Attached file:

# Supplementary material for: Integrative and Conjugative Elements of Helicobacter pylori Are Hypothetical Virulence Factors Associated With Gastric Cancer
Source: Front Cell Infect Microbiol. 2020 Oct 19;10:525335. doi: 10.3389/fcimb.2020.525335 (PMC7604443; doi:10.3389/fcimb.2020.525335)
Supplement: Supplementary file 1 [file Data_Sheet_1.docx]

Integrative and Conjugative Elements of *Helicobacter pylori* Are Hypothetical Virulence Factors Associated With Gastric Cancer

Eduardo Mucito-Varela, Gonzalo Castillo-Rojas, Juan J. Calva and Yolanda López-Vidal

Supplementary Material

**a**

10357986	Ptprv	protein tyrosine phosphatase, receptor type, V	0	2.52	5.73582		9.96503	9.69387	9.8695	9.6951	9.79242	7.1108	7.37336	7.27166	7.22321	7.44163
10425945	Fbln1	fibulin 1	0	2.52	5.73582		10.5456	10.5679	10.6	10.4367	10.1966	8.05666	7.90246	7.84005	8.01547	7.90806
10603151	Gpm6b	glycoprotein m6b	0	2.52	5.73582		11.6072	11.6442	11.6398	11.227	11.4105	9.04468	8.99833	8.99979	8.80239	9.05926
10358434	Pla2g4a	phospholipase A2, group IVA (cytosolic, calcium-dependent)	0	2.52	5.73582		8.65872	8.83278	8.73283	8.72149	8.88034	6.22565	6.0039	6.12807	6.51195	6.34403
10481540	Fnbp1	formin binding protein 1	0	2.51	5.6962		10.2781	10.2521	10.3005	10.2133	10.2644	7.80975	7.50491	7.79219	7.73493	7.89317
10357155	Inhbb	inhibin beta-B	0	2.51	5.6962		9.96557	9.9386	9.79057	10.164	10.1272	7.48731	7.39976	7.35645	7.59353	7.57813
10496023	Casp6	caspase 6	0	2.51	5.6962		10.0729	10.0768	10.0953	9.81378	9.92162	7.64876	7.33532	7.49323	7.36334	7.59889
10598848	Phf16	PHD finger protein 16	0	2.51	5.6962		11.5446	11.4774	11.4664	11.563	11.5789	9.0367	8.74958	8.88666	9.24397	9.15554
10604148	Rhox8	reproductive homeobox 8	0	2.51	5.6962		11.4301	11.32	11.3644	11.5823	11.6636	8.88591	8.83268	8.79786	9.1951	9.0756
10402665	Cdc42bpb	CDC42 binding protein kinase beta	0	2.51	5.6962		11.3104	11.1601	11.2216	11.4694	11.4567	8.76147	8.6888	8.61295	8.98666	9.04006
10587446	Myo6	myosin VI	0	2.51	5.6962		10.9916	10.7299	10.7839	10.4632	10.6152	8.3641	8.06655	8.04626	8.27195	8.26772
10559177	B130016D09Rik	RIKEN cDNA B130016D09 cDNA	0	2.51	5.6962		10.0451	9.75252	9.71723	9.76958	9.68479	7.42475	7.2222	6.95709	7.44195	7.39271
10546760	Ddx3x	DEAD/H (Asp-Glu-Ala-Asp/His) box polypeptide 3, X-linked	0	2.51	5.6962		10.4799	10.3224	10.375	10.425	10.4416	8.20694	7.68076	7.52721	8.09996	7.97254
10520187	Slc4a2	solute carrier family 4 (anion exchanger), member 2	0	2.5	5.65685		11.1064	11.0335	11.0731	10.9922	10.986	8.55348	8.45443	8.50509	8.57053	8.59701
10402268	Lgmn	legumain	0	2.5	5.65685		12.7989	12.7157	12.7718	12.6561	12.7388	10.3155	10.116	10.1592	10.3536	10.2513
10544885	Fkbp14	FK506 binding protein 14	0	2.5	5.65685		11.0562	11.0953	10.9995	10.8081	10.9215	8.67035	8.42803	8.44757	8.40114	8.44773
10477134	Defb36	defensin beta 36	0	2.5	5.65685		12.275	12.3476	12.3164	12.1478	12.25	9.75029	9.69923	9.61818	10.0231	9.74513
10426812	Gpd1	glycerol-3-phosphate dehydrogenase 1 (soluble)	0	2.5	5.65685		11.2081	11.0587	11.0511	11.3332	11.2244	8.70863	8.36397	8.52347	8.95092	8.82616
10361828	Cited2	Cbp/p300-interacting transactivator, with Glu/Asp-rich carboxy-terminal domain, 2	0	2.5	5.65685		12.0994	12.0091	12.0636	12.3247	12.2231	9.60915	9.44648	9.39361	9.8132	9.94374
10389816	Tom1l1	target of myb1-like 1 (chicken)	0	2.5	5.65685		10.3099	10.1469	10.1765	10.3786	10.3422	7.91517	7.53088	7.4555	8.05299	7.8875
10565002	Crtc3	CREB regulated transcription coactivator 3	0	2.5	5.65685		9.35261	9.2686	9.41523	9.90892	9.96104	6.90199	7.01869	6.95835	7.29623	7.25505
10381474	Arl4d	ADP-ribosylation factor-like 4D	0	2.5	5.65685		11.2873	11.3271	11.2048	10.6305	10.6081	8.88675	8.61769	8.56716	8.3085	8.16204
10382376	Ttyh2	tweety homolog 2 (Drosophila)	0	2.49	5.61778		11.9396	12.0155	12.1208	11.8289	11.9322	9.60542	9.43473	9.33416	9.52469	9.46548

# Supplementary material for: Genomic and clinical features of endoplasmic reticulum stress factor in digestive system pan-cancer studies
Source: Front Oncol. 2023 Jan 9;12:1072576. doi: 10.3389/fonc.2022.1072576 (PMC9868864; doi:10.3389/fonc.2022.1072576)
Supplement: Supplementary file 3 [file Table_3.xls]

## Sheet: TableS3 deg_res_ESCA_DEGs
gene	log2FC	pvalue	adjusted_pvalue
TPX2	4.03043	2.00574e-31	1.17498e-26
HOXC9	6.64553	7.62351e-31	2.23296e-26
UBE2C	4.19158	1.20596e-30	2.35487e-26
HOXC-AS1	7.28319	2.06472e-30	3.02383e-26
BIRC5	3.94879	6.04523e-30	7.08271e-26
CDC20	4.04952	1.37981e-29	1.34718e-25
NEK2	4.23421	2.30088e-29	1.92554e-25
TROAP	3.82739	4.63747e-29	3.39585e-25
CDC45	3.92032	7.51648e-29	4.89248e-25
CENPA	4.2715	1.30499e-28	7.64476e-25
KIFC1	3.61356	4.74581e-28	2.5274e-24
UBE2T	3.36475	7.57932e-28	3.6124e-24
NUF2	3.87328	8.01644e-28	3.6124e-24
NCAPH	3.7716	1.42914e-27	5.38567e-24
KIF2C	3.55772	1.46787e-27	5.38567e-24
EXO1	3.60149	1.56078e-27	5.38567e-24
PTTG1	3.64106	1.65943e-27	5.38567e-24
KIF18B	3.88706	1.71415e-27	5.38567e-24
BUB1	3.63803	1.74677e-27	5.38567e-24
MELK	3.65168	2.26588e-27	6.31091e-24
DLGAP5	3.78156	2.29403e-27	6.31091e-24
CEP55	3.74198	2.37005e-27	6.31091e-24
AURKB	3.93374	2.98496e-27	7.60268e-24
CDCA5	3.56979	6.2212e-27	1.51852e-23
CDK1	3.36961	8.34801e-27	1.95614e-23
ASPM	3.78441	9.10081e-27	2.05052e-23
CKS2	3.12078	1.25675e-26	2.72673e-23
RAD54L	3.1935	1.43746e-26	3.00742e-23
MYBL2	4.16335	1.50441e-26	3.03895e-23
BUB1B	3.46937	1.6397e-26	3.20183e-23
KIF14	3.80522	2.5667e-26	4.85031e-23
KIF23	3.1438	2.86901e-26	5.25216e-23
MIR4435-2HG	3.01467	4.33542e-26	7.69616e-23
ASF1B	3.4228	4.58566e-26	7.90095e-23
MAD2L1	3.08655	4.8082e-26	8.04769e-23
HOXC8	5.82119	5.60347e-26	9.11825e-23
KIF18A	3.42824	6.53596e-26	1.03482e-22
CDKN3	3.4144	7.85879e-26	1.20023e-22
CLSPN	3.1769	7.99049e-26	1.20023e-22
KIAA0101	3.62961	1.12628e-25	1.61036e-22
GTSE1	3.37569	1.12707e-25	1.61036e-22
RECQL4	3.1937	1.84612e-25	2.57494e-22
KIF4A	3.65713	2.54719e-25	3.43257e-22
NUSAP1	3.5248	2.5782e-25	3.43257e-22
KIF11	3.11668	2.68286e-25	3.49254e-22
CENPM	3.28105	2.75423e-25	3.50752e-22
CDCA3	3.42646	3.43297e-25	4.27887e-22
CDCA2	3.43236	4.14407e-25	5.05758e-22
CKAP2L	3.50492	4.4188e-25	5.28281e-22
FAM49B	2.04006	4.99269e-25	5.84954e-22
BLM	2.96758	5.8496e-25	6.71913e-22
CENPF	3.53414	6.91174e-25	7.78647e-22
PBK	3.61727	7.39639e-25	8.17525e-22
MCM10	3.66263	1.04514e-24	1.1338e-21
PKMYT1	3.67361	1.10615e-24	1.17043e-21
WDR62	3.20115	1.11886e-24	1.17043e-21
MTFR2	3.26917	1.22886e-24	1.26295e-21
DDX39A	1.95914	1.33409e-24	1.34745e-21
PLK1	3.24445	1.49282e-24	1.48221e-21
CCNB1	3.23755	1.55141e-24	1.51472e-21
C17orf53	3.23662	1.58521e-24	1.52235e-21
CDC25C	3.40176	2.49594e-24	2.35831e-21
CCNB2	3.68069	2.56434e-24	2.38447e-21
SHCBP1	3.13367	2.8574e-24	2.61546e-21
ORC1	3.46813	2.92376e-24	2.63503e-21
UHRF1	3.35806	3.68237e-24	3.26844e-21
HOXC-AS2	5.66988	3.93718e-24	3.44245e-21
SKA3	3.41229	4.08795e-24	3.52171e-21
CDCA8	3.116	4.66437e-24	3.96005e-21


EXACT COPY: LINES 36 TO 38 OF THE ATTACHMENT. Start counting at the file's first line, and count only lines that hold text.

TPX2	4.03043	2.00574e-31	1.17498e-26
HOXC9	6.64553	7.62351e-31	2.23296e-26
UBE2C	4.19158	1.20596e-30	2.35487e-26